In this example, the risk-return ratio can be measured as 5%, which is calculated simply by dividing partial earnings by originated balances. Of course, this ratio does not capture key components of a traditional P&L, such as cost of funds; fixed costs around branch network or technology; and operating expenses such as collections, loan processing, and marketing costs.
While this approach is clearly not a comprehensive measure of a lender’s portfolio return, it makes a good starting point for evaluating and comparing performance across portfolios using credit file data alone.
Interest rates are generally not reported to credit bureaus. So we estimated APRs using the reported originated loan and monthly payment at origination. This is technically more of an “effective APR” metric, as in some cases it is actually a combination of APR and fees.
By measuring monthly balances reported, we can then estimate the amount of interest income that was earned based on whether that loan was current or delinquent during those 12 months.
Using this approach, we found that fintech lenders earned an effective portfolio risk-return ratio of 6.6% in the first year on book for loans originated within our study period. Banks and credit unions earned returns only about 10 basis points higher than fintechs, and traditional finance companies earned almost double (13.5%) the risk-return ratio of other lenders.
Our analysis indicated the following as some of the drivers for these performance points:
• Traditional finance companies charged the highest interest rates across the risk spectrum.
For example, a consumer with a score of 700 to 720 opened a loan on average at a 21% interest rate with a traditional finance company. That rate was a full 10 percentage points higher than bank and credit union interest rates and 5.5 percentage points higher than fintech interest rates.
In addition, loans originated by traditional finance companies performed better than fintech loans in terms of delinquency.
High interest rates and decent credit performance lead to higher risk-return ratios.
• Fintech returns nearly match traditional depository lenders.
While fintech lenders incurred the highest delinquencies in this study, they priced their loans close to traditional finance companies in the highest risk segments (i.e. 640 and below), and competed with banks on price within the lowest risk segments. In essence, with an even risk distribution and risk-based pricing strategy, fintechs earned risk-return ratios similar to banks and credit unions.
Conclusion 3: Fintechs appear to be earning risk-return ratios similar to banks and credit unions.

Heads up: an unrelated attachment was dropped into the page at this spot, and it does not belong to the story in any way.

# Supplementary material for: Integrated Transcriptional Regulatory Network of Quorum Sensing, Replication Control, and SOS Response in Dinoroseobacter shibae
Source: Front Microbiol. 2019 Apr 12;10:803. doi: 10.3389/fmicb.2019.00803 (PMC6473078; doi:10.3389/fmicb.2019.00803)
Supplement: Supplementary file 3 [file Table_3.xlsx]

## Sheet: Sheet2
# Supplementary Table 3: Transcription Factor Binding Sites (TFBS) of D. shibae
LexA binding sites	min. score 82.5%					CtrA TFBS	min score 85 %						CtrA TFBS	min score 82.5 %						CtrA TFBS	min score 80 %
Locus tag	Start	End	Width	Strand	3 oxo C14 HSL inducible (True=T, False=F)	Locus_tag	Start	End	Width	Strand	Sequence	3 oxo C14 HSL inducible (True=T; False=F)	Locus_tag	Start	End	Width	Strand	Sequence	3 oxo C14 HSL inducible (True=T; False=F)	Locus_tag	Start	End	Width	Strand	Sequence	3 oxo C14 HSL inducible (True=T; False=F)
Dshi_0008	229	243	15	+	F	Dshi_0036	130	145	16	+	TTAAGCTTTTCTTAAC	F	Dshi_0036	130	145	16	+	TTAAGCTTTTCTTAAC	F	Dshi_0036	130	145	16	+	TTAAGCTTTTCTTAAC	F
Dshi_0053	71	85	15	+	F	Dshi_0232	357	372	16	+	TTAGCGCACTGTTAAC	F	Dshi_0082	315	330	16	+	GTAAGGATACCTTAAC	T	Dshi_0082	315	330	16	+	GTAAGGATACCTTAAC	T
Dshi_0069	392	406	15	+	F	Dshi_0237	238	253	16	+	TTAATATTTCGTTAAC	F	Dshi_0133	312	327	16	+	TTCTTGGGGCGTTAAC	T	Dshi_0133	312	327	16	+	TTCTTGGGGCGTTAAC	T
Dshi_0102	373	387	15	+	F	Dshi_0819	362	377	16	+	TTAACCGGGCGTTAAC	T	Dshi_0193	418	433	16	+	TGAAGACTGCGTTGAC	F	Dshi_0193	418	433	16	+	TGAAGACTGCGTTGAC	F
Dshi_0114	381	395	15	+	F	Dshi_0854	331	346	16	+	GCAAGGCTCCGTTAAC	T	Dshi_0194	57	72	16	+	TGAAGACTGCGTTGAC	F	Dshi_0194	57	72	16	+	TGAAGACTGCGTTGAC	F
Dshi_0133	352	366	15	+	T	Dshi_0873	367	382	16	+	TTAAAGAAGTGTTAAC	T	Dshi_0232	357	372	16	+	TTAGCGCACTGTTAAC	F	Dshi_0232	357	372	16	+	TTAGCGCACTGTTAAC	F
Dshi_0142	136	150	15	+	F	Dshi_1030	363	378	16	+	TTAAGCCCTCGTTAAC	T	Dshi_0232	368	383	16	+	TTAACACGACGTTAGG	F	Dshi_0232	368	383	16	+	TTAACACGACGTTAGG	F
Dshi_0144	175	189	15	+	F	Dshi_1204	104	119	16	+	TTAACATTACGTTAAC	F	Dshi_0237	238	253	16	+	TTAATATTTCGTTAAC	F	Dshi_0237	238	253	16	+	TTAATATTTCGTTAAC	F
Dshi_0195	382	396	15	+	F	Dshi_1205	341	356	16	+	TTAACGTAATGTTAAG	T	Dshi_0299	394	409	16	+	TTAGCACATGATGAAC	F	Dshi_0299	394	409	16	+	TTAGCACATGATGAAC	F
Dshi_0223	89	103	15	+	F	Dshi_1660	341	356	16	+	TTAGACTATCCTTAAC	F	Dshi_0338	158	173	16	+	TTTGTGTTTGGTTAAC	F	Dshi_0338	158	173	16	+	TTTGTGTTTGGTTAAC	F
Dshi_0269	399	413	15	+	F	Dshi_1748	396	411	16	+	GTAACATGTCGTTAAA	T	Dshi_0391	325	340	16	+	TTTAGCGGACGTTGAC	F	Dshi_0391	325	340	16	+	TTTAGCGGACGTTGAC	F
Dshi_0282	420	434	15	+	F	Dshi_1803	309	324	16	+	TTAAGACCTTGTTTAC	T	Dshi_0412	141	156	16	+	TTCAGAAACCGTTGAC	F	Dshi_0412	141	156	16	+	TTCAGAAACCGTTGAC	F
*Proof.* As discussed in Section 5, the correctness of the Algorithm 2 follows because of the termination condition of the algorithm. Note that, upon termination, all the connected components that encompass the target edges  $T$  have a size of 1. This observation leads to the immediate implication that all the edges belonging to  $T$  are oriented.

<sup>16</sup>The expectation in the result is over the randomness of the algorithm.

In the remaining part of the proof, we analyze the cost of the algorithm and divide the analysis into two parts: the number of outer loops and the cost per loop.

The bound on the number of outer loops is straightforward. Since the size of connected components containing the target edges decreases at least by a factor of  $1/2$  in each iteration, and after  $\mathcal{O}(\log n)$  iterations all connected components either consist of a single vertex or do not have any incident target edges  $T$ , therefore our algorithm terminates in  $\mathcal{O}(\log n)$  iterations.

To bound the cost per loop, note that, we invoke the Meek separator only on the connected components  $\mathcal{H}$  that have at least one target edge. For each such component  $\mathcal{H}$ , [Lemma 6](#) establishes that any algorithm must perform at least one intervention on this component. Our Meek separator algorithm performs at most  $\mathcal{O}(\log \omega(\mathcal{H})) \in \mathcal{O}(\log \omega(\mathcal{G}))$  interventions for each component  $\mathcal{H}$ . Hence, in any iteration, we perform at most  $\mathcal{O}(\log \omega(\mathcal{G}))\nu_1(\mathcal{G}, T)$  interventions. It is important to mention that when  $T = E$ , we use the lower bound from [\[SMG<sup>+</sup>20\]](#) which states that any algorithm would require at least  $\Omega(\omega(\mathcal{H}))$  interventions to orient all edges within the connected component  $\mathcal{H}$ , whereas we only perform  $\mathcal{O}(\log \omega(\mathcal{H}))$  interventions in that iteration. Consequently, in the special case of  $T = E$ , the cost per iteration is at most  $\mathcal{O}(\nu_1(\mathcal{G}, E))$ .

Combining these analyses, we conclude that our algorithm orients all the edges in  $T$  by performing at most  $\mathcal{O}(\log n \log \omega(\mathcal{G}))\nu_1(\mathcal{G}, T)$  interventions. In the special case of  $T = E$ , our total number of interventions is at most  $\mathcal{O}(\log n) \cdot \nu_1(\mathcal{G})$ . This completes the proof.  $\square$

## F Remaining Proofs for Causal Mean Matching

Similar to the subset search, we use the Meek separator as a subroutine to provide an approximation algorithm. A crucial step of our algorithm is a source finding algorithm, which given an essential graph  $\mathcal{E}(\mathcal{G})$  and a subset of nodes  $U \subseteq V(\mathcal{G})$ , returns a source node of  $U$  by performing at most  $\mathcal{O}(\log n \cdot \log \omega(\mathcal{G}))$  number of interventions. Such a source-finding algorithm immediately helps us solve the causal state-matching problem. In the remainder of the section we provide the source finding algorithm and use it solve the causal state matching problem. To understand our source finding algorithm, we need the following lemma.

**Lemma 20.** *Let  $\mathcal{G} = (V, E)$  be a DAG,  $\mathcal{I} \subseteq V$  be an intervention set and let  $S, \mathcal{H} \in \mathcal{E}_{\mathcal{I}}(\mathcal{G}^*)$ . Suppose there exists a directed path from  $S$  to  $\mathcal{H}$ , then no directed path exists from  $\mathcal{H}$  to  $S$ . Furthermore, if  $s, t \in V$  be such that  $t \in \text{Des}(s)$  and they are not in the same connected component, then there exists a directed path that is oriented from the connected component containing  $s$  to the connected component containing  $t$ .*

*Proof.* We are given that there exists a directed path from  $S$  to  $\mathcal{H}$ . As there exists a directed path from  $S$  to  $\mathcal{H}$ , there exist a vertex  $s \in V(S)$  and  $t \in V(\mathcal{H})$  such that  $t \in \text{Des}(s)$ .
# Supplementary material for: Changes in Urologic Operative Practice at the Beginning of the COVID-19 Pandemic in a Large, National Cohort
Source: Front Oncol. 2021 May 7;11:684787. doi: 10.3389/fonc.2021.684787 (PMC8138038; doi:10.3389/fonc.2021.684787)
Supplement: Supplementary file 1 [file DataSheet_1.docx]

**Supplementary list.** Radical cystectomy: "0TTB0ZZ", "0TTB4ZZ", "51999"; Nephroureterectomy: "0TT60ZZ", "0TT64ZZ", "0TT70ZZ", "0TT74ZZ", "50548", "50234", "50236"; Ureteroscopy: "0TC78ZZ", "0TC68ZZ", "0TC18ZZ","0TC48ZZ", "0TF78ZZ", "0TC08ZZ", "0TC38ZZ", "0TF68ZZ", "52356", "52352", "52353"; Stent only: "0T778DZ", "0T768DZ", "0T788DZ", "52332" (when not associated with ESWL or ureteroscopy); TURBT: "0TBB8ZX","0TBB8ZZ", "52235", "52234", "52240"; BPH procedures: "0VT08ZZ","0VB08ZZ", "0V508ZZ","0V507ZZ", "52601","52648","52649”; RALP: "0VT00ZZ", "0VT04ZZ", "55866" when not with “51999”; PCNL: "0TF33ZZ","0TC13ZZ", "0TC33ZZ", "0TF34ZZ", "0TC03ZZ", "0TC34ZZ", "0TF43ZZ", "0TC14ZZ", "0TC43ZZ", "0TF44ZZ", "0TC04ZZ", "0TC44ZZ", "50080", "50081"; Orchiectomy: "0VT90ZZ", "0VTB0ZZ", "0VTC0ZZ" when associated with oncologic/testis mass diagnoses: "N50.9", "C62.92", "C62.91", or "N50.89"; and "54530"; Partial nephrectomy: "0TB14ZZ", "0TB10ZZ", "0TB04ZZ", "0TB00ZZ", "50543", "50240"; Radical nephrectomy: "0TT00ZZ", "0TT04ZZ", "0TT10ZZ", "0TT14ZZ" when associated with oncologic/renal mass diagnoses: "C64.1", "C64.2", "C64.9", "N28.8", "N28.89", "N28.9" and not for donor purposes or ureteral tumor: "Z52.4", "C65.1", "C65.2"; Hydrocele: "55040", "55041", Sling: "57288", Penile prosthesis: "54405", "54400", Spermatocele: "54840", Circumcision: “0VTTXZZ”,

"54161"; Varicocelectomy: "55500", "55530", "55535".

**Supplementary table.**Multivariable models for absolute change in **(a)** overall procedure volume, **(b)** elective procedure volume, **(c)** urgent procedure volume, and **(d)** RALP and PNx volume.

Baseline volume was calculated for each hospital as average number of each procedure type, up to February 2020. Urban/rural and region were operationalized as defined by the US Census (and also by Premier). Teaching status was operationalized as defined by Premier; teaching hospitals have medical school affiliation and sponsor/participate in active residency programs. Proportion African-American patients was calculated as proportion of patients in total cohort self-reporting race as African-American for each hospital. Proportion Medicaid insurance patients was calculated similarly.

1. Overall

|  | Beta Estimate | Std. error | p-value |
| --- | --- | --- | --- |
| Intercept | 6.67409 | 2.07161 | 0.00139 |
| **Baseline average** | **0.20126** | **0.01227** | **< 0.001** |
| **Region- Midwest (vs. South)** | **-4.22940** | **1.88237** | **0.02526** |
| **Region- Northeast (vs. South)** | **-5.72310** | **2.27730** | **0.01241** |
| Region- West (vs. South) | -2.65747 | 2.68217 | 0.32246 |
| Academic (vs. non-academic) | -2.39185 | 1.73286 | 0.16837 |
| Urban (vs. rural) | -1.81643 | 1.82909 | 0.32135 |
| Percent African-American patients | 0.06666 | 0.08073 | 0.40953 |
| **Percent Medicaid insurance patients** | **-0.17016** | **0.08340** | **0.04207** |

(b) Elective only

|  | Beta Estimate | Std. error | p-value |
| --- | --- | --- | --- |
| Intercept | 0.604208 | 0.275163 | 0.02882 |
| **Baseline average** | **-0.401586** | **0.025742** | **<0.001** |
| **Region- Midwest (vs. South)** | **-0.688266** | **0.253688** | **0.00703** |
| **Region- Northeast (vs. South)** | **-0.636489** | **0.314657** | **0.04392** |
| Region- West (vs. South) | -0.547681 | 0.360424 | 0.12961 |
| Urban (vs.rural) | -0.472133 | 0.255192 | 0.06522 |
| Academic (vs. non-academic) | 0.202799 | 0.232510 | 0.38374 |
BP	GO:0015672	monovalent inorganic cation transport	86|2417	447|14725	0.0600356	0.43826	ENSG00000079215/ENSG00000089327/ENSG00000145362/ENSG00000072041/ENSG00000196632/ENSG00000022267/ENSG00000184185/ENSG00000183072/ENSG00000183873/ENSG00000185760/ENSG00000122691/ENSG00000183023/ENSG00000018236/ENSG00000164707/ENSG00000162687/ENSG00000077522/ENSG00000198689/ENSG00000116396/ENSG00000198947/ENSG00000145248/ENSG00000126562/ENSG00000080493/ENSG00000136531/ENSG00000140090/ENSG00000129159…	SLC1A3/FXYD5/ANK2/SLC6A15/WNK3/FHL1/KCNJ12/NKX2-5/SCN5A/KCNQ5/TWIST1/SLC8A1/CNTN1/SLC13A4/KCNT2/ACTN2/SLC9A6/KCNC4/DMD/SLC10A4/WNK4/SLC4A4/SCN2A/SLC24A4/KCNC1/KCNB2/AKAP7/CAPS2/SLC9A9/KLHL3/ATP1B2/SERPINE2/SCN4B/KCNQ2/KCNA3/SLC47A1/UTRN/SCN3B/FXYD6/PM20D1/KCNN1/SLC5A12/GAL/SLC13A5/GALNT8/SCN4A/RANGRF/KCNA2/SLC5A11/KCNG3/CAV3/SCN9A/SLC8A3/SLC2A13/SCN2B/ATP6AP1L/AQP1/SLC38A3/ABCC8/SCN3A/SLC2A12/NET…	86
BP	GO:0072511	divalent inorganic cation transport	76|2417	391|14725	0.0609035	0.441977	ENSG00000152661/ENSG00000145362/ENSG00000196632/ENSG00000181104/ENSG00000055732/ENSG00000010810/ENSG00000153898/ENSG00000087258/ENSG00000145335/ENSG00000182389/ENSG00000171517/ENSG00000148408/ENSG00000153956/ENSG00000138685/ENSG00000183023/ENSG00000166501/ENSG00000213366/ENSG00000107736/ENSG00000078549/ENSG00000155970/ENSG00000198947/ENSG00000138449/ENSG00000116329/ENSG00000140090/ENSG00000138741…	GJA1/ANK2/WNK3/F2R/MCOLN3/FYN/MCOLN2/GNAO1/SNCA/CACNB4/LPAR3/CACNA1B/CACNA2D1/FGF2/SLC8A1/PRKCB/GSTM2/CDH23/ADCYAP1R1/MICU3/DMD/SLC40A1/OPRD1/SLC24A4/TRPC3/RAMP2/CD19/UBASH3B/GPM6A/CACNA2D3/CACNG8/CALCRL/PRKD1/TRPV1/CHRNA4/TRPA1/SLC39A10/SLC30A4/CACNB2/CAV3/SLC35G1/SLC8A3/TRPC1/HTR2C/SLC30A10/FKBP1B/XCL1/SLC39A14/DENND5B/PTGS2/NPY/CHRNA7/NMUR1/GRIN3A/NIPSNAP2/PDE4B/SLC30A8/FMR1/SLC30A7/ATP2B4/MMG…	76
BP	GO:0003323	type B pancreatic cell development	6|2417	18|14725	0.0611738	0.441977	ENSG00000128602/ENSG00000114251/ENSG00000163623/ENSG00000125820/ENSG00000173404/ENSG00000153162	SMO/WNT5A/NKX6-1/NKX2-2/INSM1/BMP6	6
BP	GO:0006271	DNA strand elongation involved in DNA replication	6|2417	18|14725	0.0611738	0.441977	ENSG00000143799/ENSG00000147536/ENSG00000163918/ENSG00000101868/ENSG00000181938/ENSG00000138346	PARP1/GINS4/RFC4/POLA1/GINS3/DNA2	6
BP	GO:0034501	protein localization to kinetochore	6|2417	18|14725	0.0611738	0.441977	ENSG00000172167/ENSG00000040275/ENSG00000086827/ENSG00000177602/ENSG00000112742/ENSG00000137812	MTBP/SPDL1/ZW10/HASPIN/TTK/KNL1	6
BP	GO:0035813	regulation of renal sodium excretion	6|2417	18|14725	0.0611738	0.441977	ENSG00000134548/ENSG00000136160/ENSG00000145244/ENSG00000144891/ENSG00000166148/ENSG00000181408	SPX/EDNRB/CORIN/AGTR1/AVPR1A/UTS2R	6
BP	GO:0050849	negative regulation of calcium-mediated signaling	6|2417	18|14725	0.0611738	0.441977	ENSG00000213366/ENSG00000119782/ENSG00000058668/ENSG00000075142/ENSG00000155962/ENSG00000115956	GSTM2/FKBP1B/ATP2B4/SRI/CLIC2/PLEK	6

Our study further observed that recent fintech vintages are performing better. The Q1 2014 cohort of originations earned a 3.7% risk-return ratio, while the Q2 2015 vintage earned a 7.6% risk-return ratio in the first year on book.
This is primarily driven by what we observed earlier in this article concerning the shift in origination share toward prime and higher credit tier consumers. Also, one could assume that fintechs are fine-tuning their strategies for increasing returns as they test and learn.
Beginning of long-term evolution
There are many other hypotheses to examine around the future of fintech lenders and what it means for other types of financial institutions.
In today’s environment, all lenders, whether fintech or not, aspire to address consumer credit demand with agile technology and provide a seamless consumer experience. A sustainable return is the key consideration that enables them to continue to do so.
The consumer finance marketplace is not close to being done with this era of change and innovation. With the recent success stories in consumer participation and comparable risk-return ratios, fintechs have proven that using technology to enhance consumer experience is revolutionary and long overdue for the financial industry.
Traditional lenders must adapt to consumer needs and address gaps that exist in the consumer finance industry to capture demand and grow market share. Lenders need to be prepared to anticipate those changes and manage them by evaluating trends that impact their own portfolio. And they need to continue to invest in and establish partnerships that provide them with a competitive edge on analytics and technology.
About the author
Nidhi Verma is senior director of research and consulting for TransUnion.